Five More Billionaires Who Literally Went From Rags To Riches

By on September 8, 2014 in ArticlesEntertainment

As is becoming a self-made billionaire wasn't impressive enough, some of the richest billionaires in the world today literally took themselves from slums, factories, and the street to the highest levels of fortune, success and power. The six billionaire stories you are about to read prove that even the toughest challenges in life can be overcome to a 10 figure degree. Two-thirds of the world's 1700 billionaires made their fortunes themselves, rather than inheriting the money from a trust. At least fifty of these billionaires are high school or college dropouts. What they all have in common is an unshakable belief in building a better life for themselves against all odds. Let's take a look at six of the most incredible rags to riches billionaire stories.

Li Ka-Shing

When Li Ka-Shing was just 14 years old, his father died of tuberculosis. In order to earn money for his family, Li was forced to abandon school and take a job at a plastics factory. The family was so poor that Li actually had to sell his dead father's clothes for cash to pay for food. While most of his peers attended school or played games, Li labored away for 16 hours a day making plastic watchbands. In 1950, at the age of 22, Li quit his job to start his own company that made plastic toys. The company soon changed, shifted plans and instead began producing plastic flowers because he heard how popular they were in Italy. It was Li's first savvy business decision. He named this company Cheung Kong. Fast forward to the present and Cheung Kong is one of the largest real estate investment companies in the world.

Today Li Ka-Shing is the richest person in Asia with a personal net worth of $34 billion. In fact, thanks to some extremely shrewd investments, he has been a billionaire for over a quarter of a century.

Li-Ka Shing

Li-Ka Shing / MIKE CLARKE/AFP/Getty Images

Leonardo Del Vecchio

Leonardo Del Vecchio and his siblings could not be supported by his mother after his father died and she surrendered her five children to an orphanage.  When Del Vecchio was 14 years old he went to work in a factory where he made molds for auto parts and eyeglass frames. Del Vecchio soon became an apprentice to a tool manufacturer who specialized in making components for eye glasses. He also began studying industrial design in the evening while continuing to work a full time at the factory during the day. In 1961, when Leonardo Del Vecchio was just 26, he moved to Agordo, the eyewear capital of Italy, to start his own company. He called it Luxottica. That company went on to become the world's largest manufacturer of eye glasses and sunglasses. Luxottica makes Ray-Ban and Oakley glasses and owns over 6,000 retail stores under the Sunglass Hut and Lens Crafters brands.

Leonardo Del Vecchio has a net worth of $20.9 billion dollars.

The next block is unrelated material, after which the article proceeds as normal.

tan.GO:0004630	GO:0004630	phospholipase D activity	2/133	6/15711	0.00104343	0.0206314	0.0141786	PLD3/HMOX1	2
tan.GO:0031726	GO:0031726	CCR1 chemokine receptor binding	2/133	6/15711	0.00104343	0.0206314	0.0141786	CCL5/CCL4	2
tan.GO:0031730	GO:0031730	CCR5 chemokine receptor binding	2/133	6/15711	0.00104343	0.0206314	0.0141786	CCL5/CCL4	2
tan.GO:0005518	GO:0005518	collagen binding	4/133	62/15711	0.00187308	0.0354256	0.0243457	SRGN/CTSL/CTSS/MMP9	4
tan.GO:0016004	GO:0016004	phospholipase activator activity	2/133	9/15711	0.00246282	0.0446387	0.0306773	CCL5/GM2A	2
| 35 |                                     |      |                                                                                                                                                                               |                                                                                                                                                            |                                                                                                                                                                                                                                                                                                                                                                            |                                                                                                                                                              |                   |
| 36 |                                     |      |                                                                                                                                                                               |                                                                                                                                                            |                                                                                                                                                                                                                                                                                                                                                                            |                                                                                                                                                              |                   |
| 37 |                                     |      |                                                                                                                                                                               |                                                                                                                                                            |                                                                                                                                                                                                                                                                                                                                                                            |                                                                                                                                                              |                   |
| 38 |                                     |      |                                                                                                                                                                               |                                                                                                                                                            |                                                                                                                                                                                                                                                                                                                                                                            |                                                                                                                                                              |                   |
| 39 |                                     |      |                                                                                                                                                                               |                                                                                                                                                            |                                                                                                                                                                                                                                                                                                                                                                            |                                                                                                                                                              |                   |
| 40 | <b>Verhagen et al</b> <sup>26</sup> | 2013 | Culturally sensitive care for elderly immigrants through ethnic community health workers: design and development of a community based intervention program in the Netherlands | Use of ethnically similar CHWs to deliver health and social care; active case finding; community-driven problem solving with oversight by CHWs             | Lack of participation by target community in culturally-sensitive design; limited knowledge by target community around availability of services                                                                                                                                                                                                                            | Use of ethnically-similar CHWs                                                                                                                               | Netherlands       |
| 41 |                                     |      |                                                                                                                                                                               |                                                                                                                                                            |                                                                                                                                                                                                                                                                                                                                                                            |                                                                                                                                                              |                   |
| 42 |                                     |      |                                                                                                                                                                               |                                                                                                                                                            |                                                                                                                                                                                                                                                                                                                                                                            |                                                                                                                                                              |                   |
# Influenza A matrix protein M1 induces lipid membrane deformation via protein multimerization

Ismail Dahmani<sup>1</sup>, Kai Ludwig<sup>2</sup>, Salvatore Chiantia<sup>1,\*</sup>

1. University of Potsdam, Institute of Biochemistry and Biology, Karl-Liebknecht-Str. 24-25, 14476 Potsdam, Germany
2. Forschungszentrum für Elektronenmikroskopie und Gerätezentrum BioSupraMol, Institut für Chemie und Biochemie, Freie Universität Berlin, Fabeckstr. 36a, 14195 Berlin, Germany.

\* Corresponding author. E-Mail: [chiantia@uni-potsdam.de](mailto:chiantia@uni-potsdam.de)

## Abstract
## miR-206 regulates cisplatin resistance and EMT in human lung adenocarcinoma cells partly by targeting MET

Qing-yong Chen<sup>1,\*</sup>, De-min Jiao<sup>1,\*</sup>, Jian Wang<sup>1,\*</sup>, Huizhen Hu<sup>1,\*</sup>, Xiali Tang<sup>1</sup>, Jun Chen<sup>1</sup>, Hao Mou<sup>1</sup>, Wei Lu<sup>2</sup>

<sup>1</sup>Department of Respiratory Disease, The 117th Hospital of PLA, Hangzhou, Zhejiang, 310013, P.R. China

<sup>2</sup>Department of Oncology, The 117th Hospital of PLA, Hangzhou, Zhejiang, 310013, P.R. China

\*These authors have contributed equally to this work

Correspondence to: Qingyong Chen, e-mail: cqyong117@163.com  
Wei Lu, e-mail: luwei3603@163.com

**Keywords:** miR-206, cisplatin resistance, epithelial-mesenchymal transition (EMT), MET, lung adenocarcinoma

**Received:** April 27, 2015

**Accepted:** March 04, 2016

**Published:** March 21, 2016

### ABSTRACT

Guy Laliberte

Cirque du Soliel founder Guy Laliberte has come a long way from his days busking  throughout Europe.  Laliberte earned cash as a folk singer and also by playing the accordion, walking on stilts, and eating fire. He founded Cirque du Soliel in 1984 in the Montreal neighborhood of Baie-Saint-Paul with another former street performer Gilles Ste-Croix. In 1987 he took a chance and brought their Quebec-based troupe of performers to the Los Angeles Arts Festival.  He could only afford to get the troupe to L.A., they had no funds for airline (or bus or train) tickets back to Canada. Luckily, his bet paid off and it wasn't long before the world knew about Cirque du Soliel. Cirque expanded rapidly through the 1990s and 2000s, going from one show to 19 shows in over 271 cities on every continent except Antarctica.

Today, Guy Laliberte is the CEO of Cirque du Soliel and has a net worth of $1.8 billion.

Guy Laliberte

Guy Laliberte /ALEXANDER NEMENOV/AFP/Getty Images

Francois Pinault

Francois Pinault dropped out of high school in 1947 after being bullied because of his impoverished background.  He went to work for his family's timber trading business and in the 1970's began acquiring smaller firms.  He is known for ruthless business practices such as cutting jobs and selling his timber company—only to buy it back at a much smaller cost when the market crashed. He also did well in the French junk bond market, eventually amassing a fortune that allowed him to start PPR, a luxury goods retailer that sells brands like Gucci and Stella McCartney. He was once the richest person in France with his $16.2 billion net worth. He is also actress Salma Hayek's father in law.

Kirk Kerkorian

Kirk Kerkorian was born in Fresno, California to Armenian immigrant parents and dropped out of school in the 8th grade to become a boxer. His family was one of the many hit very hard by the Great Depression and young Kerkorian took just about any job he could in order to bring some money home to help his family. Kerkorian was a daredevil pilot for the Royal Air Force during World War II. He delivered supplies over the Atlantic on routes that would crash one out of every four planes. After the war, having saved most of his wages, Kerkorian spent $5,000 on a Cessna. He worked as a general aviation pilot, and made his first visit to Las Vegas in 1944, where he became a high roller on the craps tables.   In 1962, Kerkorian bought 80 acres in Las Vegas, across the Las Vegas Strip from the Flamingo, for $960,000. Caesars Palace was built on this plot of land and the hotel rented the land from Kerkorian.  The rent and eventual sale of the land to Caesars in 1968 made Kerkorian $9 million. Kerkorian is known as one of the important figures in shaping Las Vegas and is often called the "father of the mega-resort."

Today, Kirk Kerkorian's net worth is $4.5 billion.

Did we make a mistake?
Submit a correction suggestion and help us fix it!
Submit a Correction